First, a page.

Encryption is the process of encoding messages or information in such a way that only authorized parties can read it. It can be used to transform data that you send across the internet into a format which is only readable when in possession of a decryption key, which provides the code to decipher the encryption.
Think of sending a letter to someone in a secret language that needs a special dictionary to translate it.
The secret language = the encryption
The dictionary = the decryption key
Only when someone has both can they then read that message—providing of course that the secret language is sophisticated enough to not be broken without the key. Make sense?
What is the strongest encryption?
Dashlane uses AES-256 encryption. Short for Advanced Encryption Standard, it was the first publicly accessible and open cipher approved by the National Security Agency (NSA) to protect information at a “Top Secret” level. It is now widely accepted as the strongest encryption there is—and used by governments, militaries, banks, and other organizations across the world to protect sensitive data.
Remember we mentioned that the “secret language” needs to be complicated so it is tough to crack? Well, AES is just that. It’s based on a system of encoding called the Rijndael cipher, developed by two Belgian cryptographers, Joan Daemen and Vincent Rijmen. It divides your data into blocks of 128 bits (the smallest unit of computer data) each, and then uses the encryption key to scramble them beyond all recognition using 14 different rounds of encryption.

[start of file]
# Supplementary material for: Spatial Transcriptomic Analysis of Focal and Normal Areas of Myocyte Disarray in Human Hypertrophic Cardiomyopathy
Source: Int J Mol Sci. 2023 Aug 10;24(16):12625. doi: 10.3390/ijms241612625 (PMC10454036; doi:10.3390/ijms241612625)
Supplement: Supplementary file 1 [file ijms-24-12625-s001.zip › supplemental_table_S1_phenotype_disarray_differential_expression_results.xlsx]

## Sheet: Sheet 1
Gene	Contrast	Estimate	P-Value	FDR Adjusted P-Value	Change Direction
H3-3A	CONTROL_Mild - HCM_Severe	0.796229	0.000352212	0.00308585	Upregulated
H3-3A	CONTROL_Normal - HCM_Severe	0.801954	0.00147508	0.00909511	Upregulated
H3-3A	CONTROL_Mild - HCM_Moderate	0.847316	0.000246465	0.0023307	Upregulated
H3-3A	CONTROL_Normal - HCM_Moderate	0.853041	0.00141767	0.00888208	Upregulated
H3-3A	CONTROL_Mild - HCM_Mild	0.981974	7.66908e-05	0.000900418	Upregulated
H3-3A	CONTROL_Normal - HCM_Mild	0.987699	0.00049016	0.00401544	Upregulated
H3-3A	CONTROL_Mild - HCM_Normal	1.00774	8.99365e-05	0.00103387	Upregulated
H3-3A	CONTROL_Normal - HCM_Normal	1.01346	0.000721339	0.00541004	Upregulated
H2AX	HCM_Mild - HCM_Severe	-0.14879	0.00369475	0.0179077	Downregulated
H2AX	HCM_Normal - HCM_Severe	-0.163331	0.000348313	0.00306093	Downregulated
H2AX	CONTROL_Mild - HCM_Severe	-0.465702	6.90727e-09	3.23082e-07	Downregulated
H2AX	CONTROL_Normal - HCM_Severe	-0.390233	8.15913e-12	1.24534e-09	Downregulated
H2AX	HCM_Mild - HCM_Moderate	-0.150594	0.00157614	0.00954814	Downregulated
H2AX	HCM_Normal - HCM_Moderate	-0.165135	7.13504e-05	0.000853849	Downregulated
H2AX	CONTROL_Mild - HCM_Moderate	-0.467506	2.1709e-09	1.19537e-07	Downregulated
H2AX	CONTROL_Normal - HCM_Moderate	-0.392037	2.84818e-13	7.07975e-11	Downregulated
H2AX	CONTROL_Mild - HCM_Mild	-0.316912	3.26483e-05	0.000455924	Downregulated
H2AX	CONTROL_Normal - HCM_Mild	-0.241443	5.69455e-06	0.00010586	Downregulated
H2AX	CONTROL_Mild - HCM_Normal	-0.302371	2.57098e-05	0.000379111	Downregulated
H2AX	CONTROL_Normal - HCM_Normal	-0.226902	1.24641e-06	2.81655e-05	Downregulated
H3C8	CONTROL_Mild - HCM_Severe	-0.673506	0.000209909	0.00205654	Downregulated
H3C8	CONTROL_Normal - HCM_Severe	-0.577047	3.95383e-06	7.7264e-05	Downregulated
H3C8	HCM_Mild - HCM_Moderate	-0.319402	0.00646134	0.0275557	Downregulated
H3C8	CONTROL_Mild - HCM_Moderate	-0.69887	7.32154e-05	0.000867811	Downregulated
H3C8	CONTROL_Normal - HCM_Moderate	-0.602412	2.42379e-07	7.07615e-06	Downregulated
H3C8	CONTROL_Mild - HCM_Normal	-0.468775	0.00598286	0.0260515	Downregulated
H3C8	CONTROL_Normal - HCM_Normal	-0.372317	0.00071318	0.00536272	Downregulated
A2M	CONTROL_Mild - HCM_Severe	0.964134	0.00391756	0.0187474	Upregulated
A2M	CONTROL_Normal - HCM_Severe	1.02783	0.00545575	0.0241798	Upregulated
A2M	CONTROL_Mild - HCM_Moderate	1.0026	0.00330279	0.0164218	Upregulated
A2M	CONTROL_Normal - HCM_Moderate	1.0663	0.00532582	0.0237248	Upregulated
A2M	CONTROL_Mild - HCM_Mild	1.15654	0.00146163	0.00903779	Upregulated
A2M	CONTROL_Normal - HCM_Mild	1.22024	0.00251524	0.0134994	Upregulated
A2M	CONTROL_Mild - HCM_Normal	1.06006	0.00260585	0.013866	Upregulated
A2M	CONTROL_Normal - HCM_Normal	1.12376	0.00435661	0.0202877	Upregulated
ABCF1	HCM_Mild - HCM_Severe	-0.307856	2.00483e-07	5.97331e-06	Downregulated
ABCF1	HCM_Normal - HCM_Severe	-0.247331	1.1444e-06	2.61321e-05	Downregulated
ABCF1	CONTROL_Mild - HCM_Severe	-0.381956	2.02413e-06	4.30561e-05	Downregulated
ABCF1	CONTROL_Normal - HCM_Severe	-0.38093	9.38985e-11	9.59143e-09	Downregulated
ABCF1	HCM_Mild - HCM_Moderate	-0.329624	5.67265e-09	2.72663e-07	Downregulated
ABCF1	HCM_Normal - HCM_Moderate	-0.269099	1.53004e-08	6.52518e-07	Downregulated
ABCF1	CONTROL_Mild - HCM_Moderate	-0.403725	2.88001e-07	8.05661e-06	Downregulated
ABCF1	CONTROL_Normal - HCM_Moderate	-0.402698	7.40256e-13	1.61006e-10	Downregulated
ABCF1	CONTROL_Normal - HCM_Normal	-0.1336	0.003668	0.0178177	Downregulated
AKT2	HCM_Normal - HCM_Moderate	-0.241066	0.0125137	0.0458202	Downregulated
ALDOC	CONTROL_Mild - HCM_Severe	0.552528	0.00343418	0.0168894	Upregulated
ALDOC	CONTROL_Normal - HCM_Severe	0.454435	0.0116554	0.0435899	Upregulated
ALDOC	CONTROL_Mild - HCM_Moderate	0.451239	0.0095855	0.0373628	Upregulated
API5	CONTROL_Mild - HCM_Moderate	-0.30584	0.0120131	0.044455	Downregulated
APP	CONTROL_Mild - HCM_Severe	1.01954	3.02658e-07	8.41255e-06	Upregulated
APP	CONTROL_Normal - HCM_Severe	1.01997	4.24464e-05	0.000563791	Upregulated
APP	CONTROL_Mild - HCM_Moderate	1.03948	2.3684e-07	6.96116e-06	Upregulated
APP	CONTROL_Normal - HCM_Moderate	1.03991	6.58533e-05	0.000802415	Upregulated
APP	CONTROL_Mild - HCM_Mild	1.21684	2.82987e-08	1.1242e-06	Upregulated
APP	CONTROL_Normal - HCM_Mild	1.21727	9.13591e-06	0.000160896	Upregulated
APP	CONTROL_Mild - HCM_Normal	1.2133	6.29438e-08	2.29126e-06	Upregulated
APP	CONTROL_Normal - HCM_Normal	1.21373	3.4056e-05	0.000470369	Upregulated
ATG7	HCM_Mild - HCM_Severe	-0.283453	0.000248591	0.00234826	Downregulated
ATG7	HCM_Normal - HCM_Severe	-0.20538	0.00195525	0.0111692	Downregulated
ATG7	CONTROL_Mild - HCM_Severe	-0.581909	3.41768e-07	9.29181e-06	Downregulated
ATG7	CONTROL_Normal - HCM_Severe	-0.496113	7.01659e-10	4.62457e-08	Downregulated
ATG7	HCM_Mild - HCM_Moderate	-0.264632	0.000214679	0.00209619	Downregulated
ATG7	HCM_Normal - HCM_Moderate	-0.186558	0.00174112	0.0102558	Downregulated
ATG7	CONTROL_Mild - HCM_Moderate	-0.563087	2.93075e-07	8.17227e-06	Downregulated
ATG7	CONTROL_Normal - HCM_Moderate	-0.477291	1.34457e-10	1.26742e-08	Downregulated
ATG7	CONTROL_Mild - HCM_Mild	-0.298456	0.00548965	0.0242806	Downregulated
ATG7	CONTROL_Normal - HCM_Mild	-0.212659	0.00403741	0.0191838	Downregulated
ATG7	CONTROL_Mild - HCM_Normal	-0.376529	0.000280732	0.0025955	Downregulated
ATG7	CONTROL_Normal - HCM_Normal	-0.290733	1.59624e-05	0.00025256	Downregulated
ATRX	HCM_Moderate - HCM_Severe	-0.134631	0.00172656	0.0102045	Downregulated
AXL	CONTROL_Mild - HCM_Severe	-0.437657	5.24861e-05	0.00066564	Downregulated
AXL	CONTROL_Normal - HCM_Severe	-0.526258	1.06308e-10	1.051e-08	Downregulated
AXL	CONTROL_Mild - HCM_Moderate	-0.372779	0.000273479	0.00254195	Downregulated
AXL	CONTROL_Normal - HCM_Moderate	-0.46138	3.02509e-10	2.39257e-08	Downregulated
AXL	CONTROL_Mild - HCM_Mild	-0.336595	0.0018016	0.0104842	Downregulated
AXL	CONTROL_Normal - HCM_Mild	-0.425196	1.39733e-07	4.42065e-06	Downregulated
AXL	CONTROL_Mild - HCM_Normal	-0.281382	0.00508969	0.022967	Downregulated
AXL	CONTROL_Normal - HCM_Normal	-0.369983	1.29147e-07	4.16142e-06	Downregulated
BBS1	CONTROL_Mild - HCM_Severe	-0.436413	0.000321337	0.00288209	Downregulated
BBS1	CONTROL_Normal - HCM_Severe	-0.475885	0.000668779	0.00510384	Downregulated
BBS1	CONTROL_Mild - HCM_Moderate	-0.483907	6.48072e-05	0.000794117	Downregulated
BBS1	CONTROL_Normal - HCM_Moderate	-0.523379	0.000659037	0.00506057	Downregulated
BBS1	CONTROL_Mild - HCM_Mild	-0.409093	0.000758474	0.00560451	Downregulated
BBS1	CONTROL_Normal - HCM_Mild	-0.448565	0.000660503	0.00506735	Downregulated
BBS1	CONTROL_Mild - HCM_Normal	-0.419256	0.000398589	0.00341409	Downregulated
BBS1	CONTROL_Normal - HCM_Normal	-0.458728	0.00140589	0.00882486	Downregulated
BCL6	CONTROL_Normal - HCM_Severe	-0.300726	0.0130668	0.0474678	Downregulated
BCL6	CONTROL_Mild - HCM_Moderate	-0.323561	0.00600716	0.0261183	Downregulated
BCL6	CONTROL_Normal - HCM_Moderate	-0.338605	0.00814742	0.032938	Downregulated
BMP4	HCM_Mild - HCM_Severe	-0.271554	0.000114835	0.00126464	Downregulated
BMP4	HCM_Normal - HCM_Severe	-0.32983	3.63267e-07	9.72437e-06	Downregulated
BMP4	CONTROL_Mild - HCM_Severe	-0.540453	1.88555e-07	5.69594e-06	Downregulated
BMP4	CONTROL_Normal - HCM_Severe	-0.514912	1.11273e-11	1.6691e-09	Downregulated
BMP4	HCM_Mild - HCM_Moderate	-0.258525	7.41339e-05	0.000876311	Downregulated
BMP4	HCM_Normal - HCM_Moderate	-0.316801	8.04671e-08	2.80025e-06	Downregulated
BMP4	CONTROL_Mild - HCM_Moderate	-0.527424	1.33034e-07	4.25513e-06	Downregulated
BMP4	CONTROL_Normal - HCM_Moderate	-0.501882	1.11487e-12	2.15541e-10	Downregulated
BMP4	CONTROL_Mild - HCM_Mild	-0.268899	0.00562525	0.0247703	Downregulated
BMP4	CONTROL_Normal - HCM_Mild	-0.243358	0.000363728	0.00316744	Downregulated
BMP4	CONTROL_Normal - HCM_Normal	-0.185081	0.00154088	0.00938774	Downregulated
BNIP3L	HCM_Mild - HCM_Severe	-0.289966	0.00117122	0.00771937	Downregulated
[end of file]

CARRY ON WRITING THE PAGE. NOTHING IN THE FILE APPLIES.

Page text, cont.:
You need the specific key to decrypt the data. The number of possible keys this system allows is 2 to the 256th power—that’s a number that is 78 digits long. Imagine the computing power necessary to reveal the correct key and decrypt the data were it to be intercepted.
Has AES ever been cracked?
No. A Microsoft research paper published in 2011 suggested that it was theoretically possible to recover an AES key (the “dictionary” that translates the “secret language”) using a technique called a biclique attack. But even breaking a 128-bit key (far less complex than Dashlane’s 256-bit system) would take billions of years with current computing power—and require storing about 38 trillion terabytes of data, which is more than all the data on all the computers on the planet.
So my data and passwords are safe with Dashlane?
Dashlane encrypts all your data locally (on your device) before sending it to our servers. Your key is never transmitted on the internet, so in the unlikely event that your data is somehow intercepted, the encryption means that no one will be able to decipher it.
Looking for more info?
Visit our online safety hub for the latest breach report and a complete guide to staying secure on the internet.